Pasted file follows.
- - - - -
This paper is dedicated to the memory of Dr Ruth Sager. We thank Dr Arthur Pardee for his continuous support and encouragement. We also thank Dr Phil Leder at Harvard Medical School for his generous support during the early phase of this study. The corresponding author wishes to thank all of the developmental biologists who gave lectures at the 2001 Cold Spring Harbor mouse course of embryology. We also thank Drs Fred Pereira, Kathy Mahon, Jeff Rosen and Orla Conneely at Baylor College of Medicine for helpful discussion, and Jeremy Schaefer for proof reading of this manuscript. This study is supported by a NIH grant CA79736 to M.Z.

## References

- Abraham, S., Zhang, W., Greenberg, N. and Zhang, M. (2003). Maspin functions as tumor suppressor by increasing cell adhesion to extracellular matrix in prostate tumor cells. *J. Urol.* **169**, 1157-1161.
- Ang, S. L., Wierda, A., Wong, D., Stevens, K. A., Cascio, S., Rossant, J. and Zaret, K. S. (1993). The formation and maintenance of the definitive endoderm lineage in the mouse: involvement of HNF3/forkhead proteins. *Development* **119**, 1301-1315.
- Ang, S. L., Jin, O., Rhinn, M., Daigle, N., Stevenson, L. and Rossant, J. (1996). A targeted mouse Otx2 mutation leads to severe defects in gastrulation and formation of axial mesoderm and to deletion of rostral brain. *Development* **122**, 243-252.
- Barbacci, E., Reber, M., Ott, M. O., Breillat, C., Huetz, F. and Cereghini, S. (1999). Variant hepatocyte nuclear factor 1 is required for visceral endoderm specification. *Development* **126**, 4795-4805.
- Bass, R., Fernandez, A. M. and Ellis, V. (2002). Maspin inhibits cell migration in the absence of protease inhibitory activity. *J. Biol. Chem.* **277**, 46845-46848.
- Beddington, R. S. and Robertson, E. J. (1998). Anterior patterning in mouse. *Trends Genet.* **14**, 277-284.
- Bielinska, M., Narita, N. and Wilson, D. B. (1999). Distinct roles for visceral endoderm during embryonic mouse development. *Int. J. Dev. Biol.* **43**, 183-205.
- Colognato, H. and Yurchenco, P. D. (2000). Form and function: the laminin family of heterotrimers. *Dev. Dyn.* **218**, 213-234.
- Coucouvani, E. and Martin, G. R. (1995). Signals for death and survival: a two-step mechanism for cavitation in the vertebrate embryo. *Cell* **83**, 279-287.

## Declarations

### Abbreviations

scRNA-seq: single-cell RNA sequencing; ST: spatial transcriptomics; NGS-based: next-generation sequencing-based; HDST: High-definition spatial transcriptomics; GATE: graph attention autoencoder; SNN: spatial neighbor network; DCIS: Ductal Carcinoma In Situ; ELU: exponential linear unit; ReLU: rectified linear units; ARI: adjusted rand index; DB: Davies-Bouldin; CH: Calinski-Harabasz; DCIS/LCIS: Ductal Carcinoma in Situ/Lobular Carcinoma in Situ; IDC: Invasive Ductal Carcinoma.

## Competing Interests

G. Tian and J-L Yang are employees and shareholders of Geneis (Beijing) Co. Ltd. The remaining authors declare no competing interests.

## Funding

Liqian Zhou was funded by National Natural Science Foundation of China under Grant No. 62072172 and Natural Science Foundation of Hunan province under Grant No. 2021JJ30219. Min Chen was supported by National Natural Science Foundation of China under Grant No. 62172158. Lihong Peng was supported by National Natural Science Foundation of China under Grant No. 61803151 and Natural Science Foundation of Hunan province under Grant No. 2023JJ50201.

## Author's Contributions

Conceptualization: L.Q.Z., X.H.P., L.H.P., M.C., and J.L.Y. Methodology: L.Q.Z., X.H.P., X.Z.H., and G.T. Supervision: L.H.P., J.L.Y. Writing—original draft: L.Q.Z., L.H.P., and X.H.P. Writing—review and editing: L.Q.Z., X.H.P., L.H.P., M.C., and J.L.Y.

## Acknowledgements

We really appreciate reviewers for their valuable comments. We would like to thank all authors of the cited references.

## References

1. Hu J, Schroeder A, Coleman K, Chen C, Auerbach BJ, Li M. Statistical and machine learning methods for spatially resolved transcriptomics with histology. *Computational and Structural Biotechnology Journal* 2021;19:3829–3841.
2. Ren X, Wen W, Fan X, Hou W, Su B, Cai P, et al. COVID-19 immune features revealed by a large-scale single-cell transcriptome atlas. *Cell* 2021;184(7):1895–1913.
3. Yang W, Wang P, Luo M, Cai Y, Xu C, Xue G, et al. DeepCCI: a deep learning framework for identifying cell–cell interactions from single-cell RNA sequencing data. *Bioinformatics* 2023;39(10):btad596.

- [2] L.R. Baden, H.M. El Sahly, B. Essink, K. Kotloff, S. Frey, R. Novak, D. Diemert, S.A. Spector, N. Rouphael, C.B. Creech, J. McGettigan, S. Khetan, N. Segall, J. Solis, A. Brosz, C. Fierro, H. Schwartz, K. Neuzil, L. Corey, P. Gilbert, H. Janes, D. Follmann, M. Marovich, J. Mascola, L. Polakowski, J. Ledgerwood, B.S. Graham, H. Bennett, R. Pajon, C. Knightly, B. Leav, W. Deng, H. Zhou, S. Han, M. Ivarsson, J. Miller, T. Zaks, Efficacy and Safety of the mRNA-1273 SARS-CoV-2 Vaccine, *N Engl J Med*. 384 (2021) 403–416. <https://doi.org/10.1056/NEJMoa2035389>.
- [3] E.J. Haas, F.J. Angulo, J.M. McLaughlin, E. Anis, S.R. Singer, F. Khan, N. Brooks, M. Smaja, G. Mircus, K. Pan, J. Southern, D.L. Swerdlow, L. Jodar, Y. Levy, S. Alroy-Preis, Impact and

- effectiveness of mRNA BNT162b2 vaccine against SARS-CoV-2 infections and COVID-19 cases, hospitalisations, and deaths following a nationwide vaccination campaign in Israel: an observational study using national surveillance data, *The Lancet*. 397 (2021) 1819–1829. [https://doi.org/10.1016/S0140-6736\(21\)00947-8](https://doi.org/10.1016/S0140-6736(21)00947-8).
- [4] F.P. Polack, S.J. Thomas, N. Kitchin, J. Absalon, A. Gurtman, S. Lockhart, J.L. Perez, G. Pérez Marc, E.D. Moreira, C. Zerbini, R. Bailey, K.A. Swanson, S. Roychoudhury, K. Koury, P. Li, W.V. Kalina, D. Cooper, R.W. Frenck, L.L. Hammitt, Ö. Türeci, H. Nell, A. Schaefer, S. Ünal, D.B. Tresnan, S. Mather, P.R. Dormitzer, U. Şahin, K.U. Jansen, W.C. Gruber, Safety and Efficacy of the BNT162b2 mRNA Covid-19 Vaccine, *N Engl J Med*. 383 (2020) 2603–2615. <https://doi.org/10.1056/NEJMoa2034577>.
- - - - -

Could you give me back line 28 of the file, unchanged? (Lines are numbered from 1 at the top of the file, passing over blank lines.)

- [3] E.J. Haas, F.J. Angulo, J.M. McLaughlin, E. Anis, S.R. Singer, F. Khan, N. Brooks, M. Smaja, G. Mircus, K. Pan, J. Southern, D.L. Swerdlow, L. Jodar, Y. Levy, S. Alroy-Preis, Impact and